Studies Delay Solar Development in R.I. and Mass.
If cluster studies find projects cause cumulative impacts on regional power grid, renewable energy developers will need to conduct transmission studies
August 12, 2019
The approval process for large renewable energy projects is expected to take longer because of fears about the burden of solar and offshore wind on the region’s electricity transmission system.
In meetings this summer, National Grid and ISO New England, the operator of the regional electric grid, told renewable energy developers in Massachusetts and Rhode Island that the application review for connecting to the grid would be extended while studies of regional power transmission systems are conducted.
The delay impacts projects that were once considered too small to require interconnection reviews, as projects between 1 megawatt and 5 megawatts will now be paused under the enhanced scrutiny. If the study finds that the projects cause cumulative impacts on the power grid, the developers will need to conduct a transmission study. In Massachusetts, some 200 applications will be delayed pending the study. Rhode Island has 87 pending applications.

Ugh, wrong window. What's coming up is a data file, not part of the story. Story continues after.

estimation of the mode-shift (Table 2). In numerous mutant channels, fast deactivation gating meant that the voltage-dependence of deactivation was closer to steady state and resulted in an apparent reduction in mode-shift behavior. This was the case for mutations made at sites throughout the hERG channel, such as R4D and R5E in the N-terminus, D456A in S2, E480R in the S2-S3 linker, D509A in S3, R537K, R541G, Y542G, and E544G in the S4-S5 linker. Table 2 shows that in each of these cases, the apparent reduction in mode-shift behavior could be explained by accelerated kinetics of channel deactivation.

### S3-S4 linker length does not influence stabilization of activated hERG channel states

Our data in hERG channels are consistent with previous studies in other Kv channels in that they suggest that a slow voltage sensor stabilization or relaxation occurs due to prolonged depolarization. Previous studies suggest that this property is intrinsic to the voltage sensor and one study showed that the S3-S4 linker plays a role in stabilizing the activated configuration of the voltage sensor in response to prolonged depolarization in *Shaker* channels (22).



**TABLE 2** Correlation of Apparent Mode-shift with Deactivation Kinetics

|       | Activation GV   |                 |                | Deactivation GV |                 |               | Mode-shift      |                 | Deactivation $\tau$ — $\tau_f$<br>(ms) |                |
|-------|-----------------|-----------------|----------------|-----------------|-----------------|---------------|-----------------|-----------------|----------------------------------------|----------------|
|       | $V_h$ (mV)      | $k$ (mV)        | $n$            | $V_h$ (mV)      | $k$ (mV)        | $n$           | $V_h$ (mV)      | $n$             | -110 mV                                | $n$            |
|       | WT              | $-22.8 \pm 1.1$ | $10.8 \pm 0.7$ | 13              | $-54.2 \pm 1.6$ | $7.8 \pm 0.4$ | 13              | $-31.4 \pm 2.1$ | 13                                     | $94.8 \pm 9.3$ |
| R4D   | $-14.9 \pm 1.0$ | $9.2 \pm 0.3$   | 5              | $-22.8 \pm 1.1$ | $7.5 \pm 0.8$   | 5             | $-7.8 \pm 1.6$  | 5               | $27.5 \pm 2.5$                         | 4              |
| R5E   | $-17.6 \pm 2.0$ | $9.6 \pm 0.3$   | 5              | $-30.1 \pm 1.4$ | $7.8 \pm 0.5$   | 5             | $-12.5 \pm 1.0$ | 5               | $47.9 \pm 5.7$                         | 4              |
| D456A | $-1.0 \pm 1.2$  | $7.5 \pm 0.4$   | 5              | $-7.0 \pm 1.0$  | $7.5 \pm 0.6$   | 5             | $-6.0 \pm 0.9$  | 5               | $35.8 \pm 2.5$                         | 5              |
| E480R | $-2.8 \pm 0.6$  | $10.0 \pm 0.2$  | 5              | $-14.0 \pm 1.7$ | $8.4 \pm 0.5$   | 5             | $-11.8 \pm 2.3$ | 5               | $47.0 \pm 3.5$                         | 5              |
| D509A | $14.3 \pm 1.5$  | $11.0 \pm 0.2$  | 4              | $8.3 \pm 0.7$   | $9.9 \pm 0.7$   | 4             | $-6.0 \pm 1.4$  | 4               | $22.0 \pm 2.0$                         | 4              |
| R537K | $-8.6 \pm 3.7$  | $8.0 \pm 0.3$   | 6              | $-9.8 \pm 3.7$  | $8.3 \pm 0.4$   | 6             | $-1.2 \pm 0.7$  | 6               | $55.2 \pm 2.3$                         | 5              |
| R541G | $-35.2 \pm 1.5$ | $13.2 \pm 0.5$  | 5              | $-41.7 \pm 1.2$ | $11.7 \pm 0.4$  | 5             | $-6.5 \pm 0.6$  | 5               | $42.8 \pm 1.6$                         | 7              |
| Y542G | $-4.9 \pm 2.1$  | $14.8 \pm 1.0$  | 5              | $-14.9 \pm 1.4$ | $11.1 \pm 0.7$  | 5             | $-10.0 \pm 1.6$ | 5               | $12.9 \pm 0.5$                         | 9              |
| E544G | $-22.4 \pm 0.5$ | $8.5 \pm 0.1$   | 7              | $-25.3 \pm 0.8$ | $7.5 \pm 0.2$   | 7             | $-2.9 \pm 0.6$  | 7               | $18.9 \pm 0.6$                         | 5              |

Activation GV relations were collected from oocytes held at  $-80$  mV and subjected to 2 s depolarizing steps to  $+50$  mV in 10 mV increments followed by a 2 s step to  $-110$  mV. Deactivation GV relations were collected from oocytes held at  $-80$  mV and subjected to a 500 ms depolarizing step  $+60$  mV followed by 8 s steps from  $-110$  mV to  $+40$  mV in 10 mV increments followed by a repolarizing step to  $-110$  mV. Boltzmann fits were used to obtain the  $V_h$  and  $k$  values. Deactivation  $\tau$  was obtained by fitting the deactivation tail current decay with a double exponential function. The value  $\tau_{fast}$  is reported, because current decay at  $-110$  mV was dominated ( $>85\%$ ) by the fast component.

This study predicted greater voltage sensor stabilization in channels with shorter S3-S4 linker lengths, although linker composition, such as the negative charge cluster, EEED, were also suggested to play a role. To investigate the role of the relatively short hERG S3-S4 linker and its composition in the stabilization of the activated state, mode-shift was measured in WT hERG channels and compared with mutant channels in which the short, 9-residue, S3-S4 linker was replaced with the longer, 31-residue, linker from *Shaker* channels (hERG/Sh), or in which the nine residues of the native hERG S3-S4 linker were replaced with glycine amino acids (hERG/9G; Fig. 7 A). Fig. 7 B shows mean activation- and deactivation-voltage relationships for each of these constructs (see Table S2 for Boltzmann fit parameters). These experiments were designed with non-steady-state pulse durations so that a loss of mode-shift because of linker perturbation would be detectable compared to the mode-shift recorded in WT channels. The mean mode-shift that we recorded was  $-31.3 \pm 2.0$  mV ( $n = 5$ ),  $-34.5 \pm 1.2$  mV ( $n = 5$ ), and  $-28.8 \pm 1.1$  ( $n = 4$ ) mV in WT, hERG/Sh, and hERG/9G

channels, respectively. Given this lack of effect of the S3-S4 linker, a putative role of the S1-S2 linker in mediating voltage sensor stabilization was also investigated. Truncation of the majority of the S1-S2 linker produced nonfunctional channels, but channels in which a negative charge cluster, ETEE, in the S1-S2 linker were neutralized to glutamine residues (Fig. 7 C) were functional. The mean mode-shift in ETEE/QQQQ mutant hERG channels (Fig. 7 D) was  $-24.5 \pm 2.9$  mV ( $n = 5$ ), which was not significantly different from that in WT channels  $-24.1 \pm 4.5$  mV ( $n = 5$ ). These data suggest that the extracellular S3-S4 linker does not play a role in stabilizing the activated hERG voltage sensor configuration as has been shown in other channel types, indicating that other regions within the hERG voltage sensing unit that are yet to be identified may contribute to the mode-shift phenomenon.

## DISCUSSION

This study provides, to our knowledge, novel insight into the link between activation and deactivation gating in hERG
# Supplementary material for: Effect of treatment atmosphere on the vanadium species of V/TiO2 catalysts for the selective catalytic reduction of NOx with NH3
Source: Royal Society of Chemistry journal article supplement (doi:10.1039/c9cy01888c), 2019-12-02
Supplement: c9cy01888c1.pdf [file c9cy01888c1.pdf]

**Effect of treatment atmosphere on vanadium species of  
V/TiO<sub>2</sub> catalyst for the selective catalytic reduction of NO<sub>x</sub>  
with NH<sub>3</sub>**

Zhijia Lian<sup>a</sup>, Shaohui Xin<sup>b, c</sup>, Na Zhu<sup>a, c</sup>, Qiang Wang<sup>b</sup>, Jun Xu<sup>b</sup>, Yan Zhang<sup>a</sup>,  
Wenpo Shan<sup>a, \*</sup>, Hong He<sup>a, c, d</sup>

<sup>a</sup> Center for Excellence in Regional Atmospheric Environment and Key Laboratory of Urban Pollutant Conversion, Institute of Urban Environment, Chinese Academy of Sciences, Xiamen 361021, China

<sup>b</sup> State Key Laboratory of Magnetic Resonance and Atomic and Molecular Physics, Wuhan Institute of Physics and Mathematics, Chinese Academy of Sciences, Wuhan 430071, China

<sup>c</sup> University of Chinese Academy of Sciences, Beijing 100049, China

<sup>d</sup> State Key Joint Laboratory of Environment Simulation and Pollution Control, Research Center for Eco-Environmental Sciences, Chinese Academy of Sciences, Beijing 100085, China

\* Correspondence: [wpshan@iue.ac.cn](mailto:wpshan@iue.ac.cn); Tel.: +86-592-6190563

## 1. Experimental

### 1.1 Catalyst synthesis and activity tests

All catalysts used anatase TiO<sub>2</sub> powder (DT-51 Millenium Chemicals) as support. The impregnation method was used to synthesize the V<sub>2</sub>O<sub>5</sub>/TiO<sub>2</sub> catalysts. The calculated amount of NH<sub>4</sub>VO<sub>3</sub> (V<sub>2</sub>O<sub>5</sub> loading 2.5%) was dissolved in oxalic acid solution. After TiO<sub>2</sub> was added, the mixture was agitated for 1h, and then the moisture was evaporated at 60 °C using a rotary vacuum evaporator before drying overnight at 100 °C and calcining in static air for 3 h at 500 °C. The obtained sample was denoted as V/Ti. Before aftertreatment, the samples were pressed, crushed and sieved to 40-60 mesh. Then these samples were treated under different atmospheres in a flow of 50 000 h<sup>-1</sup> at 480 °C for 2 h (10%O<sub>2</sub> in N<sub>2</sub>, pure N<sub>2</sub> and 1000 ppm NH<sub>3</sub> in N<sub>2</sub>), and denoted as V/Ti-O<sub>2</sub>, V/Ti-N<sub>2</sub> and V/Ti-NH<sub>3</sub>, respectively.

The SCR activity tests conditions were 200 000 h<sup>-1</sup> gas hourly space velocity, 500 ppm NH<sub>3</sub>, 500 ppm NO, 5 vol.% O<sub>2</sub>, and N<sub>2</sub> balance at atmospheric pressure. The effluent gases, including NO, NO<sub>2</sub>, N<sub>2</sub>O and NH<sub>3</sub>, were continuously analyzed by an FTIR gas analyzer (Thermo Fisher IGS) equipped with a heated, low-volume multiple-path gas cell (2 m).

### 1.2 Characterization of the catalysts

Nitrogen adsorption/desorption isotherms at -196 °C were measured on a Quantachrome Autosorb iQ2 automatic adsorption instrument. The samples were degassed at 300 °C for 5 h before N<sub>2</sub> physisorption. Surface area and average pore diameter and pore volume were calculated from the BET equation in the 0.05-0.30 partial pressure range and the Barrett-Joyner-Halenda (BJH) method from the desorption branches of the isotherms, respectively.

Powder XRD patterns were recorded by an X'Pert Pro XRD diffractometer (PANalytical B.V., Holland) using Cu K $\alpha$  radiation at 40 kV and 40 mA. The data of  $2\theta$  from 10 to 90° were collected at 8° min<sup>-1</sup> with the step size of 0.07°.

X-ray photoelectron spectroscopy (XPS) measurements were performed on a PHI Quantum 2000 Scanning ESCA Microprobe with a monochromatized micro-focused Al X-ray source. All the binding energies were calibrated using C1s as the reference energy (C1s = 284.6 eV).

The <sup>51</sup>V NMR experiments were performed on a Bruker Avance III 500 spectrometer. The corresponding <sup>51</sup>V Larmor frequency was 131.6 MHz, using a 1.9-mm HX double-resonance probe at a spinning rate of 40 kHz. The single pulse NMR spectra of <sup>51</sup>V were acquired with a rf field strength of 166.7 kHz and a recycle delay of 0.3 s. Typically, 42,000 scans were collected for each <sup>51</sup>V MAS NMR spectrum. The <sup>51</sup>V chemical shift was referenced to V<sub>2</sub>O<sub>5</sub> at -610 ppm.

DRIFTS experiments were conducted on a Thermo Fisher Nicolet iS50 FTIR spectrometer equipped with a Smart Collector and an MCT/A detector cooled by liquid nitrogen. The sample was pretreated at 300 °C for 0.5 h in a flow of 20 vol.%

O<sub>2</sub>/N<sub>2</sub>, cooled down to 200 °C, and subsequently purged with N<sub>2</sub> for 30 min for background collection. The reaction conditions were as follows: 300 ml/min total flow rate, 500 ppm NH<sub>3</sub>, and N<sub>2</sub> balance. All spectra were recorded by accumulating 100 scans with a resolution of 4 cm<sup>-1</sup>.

Smaller commercial and residential projects will not be delayed by the review.
Developers are already experiencing lengthy waits in National Grid’s so-called “interconnection queue,” because of the influx of large solar systems, mostly being built in rural parts of Massachusetts and Rhode Island where outdated infrastructure is ill-equipped to manage the inflows of electricity.
The distribution problem is further complicated by the anticipated flood of power from offshore wind facilities, which will be delivered via high-voltage power lines through Narragansett Bay and come ashore in North Kingstown and at the former Brayton Point coal-fired power plant in Somerset, Mass.